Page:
Who Is Goddess Corn Mother, Or Corn Woman?


Corn Woman, also known as Corn Maiden, Corn Mother, and Yellow Woman, is the goddess of nourishment in Native American mythology. 

Corn Woman, the embodiment of maize and the earth's fertility, is revered by many Native Americans. 

As she matures, she becomes a Triple Goddess, ultimately offering herself so that her body may nurture and seed the land with grain, allowing humans to live and eat. 

Corn Woman teaches her followers how to worship and respect their gods correctly, as well as how to stay healthy through growing food.

Who Is Goddess Coatlicue?


Coatlicue is the Life and Death Goddess of the Aztecs. 

In Aztec mythology, Coatlicue, or "Serpent Skirt," is the mother of the gods. 

She is both a nurturer and a devourer, giving life from her womb and the terror of death from her heart. 

Coyolxauhqui, her daughter, led Coatlicue's children in revolt against her, but Huitzilopochtli, her son, emerged fully grown from her womb and slew his siblings and sisters. 

Coatlicue is a lady with a snakeskin skirt and a necklace made of human hearts and bones, as well as claws for hands and feet.

Who Is Goddess Copia?

Copia is the Goddess of prosperity in Roman mythology. 

Copia bestows riches and plenty to her devotees. 

Wine and food are offered in her honor, symbolizing the earth's abundant bounty. 

She's seen holding a cornucopia full of fruits, grains, and gold money.

Who Is Goddess Cocomama?


Health and happiness are all embodied in the Goddess Cocomama of the Incas. 

Cocomama used to be a sexy, promiscuous lady who had a lot of lovers. 

Her suitors joined together and killed her, slicing her corpse in two, when they discovered she was dating all of them. 

Her body was subsequently turned into the first coca plant, a bush from which cocaine is harvested, and she was reborn as the goddess of health, happiness, and pleasure. 

Chewing coca leaves, according to the Incas, gave males the power to sexually satisfy women, as well as riches and happiness.

Who Is Goddess Circe?


Circe is the Sorceress goddess in Greek mythology. 

Circe is the goddess of witchcraft and spellcasting, well remembered for her part in the Odysseus story. 

Many priestesses surround her, and she specializes in illusions, transformations, and necromancy. 

She is the mother of hallucinogens and magical plants. 

Circe clears the mind and leads the lost and perplexed to their goals, and her seductive abilities are founded on a thorough understanding of positive feminine persuasion.

Who Is Goddess Chup Kamui?

Chup Kamui is Japan's chastity goddess. 

Chup Kamui was the Ainu people's moon goddess, but after spending one night overseeing the earth and witnessing humanity's immoral and lustful conduct, she asked her brother, the sun, to swap places with her.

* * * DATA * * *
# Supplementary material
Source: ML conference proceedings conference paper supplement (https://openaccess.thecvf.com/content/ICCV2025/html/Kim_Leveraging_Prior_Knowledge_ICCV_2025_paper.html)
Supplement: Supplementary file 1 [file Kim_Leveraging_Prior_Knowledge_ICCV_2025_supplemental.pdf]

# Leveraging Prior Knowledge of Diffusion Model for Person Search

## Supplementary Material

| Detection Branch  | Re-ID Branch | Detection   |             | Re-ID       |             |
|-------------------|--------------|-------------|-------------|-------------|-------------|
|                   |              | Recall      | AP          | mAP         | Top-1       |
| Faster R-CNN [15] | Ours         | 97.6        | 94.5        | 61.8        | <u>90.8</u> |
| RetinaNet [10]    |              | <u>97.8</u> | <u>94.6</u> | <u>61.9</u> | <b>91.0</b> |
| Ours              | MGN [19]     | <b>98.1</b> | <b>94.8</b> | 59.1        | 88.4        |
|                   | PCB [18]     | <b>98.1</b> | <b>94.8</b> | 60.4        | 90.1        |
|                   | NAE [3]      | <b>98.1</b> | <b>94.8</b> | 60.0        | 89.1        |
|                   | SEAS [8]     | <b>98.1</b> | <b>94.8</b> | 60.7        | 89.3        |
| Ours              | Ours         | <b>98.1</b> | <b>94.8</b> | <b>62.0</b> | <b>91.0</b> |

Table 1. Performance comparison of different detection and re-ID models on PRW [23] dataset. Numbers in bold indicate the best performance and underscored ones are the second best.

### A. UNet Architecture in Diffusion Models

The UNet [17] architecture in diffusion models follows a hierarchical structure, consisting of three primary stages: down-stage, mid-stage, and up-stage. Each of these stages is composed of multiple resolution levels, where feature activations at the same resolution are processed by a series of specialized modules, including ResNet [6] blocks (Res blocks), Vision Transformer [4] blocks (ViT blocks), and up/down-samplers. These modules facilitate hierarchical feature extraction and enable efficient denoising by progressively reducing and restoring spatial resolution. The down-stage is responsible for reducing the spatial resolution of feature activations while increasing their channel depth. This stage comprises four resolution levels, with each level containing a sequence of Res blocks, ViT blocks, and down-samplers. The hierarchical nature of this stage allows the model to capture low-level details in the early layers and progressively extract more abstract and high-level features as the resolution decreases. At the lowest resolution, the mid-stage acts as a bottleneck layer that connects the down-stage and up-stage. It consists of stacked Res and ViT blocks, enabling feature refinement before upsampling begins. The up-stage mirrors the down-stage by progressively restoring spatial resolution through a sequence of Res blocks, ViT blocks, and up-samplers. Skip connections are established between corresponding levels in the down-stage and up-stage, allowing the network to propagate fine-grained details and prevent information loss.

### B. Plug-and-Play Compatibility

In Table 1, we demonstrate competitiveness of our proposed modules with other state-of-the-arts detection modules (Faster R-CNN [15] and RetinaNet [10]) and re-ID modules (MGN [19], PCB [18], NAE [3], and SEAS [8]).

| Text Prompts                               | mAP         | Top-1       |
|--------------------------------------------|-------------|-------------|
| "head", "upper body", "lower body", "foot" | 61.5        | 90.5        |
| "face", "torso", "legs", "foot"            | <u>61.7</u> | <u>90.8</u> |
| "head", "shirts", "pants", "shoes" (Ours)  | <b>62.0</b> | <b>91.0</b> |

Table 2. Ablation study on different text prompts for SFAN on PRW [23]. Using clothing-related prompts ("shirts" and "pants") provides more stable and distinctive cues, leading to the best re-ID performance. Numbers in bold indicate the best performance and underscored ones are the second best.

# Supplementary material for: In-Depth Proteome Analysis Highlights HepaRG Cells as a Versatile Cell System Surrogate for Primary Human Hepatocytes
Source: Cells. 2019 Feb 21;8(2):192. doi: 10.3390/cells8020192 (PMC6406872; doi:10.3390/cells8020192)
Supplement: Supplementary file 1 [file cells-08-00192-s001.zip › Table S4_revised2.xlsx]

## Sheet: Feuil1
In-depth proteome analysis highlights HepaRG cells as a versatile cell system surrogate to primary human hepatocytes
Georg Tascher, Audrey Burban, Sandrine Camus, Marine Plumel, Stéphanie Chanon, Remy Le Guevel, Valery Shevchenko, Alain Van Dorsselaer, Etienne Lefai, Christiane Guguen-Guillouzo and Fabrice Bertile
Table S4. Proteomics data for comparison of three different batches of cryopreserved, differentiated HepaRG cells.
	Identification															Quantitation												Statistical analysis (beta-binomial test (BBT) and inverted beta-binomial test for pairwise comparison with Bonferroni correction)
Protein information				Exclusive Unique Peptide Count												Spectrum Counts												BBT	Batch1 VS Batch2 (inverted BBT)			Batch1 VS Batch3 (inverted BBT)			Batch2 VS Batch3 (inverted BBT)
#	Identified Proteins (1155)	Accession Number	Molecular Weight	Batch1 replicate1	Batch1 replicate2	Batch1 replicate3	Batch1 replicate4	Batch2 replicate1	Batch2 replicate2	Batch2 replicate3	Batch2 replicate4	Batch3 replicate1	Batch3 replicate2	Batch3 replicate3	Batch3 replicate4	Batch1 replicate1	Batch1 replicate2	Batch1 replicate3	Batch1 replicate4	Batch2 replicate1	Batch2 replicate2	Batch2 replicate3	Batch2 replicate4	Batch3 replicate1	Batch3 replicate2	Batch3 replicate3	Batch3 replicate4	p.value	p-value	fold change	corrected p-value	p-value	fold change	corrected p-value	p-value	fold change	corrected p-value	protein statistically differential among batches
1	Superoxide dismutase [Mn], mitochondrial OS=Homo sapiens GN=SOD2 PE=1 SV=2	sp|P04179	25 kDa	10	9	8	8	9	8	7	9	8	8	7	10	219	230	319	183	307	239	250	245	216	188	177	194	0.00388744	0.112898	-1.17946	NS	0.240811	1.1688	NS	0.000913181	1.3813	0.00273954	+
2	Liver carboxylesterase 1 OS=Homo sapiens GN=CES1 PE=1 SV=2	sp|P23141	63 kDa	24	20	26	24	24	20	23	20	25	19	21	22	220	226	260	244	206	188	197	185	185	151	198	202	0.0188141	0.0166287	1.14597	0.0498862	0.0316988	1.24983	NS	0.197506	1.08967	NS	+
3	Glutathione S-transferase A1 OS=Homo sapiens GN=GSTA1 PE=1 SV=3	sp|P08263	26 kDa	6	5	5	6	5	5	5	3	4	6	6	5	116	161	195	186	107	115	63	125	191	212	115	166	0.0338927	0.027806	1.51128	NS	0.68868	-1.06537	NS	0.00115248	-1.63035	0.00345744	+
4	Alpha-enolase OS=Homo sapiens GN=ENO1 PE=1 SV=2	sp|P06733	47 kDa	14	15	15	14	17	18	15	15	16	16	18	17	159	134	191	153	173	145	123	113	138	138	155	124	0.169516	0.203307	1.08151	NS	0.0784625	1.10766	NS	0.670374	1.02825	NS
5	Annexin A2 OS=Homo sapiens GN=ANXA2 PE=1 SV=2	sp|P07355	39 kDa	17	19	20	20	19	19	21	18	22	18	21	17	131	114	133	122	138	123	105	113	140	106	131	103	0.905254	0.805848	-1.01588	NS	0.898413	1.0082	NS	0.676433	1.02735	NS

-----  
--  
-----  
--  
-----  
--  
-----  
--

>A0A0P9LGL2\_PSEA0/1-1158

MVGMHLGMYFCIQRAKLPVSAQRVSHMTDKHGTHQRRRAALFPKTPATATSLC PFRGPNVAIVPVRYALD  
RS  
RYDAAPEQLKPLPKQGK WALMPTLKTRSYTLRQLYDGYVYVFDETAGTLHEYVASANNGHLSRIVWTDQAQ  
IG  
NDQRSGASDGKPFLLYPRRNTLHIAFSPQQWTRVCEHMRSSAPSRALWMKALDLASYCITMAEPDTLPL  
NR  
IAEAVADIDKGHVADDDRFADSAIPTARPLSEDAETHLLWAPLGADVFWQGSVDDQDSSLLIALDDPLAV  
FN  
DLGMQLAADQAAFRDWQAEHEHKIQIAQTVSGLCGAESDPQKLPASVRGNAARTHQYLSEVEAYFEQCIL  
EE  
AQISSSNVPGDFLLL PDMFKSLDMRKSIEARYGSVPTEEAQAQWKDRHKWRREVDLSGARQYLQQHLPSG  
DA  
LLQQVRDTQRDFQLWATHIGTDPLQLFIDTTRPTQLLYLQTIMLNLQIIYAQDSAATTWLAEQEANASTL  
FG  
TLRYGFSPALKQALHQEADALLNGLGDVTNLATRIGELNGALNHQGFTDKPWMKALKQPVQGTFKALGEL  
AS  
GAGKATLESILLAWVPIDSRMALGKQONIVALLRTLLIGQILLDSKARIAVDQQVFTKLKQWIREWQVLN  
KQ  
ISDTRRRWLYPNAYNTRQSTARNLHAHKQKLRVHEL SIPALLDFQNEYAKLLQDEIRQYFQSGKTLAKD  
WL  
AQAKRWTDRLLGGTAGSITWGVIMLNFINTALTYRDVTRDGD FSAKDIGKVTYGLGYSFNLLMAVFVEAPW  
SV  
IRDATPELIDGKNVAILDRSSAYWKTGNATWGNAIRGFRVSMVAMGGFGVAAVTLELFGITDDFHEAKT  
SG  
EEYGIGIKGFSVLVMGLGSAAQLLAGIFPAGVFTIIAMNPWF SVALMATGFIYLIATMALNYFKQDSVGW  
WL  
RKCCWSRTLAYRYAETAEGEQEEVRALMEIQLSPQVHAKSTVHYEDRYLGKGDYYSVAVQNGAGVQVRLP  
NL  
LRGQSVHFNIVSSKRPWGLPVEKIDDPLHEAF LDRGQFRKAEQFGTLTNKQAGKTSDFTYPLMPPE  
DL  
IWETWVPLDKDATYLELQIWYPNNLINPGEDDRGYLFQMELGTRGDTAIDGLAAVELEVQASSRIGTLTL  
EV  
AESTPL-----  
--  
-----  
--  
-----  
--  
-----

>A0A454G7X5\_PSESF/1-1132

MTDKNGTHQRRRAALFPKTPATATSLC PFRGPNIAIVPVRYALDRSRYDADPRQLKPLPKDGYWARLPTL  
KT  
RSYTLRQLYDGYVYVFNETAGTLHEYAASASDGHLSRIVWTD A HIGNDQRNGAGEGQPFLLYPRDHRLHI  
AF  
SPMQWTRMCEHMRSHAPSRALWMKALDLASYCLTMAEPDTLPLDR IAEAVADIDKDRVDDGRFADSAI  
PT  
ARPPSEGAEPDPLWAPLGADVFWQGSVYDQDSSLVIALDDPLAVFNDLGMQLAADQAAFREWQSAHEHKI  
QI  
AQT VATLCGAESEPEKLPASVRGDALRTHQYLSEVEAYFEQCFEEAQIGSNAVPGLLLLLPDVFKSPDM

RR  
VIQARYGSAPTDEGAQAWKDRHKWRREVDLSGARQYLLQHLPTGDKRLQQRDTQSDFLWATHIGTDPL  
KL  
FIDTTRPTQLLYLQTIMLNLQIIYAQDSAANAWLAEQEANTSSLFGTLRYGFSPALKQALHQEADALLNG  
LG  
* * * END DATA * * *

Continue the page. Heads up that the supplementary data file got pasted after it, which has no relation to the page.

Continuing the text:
She was transformed into the sun, and he was transformed into the moon. 

She guards women from unfaithful acts and is a symbol of modesty and purity.

Who Is Goddess Chun T'i?

Chun T'i is a sorceress who can perform miracles and bestow magical benefits. 

She gives light to the land and mankind as the goddess of the dawn. 

She symbolizes clear thoughts and aspirations. 

She shields you from wars, conflicts, and turmoil.

Who Is Goddess Chuang Mu?

Chuang Mu is the goddess of the boudoir in Chinese mythology. 

Chuang Mu is a goddess of love who rules over sex, sensuality, and desire. 

She is known as the Lady of the Bedchamber, and she is in charge of all bedroom activities, including sleep, dreams, and disease healing. 

She teaches real lovemaking etiquette and builds trust between couples. 

During China's annual Lantern Festival, Chuang Mu is honored with presents of rice, tea, and fresh flowers, as is customary.

Who Is Goddess Chomo-Lung-Ma?

Chomo-Lung-Ma is Tibet's mother goddess. 

Chomo-Lung-Ma, Mount Everest's original name, is believed to dwell inside the peak, sending her love and blessings across the globe. 

She is the Universe's Great Mother, bestowing riches and spiritual understanding to those who seek her advice. 

Her anger is earned by immoral conduct.

Who Is Goddess Chihuacoatl?


Chihuacoatl, also known as Cihuacoatl is the Goddess of childbirth in Aztec mythology. 

Chihucoatl is the patroness of Aztec matrons and is often depicted as a large snake. 

She is in charge of labor, birth, midwives, and mothers who have died during childbirth. 

Chihucoatl, whose name means "Snake Woman," is revered as an Earth Mother. 

Her scream indicated a period of conflict or sorrow, and she assisted in the creation of the human race. 

Chihucoatl is portrayed as a youthful lady or a skeleton-faced hag.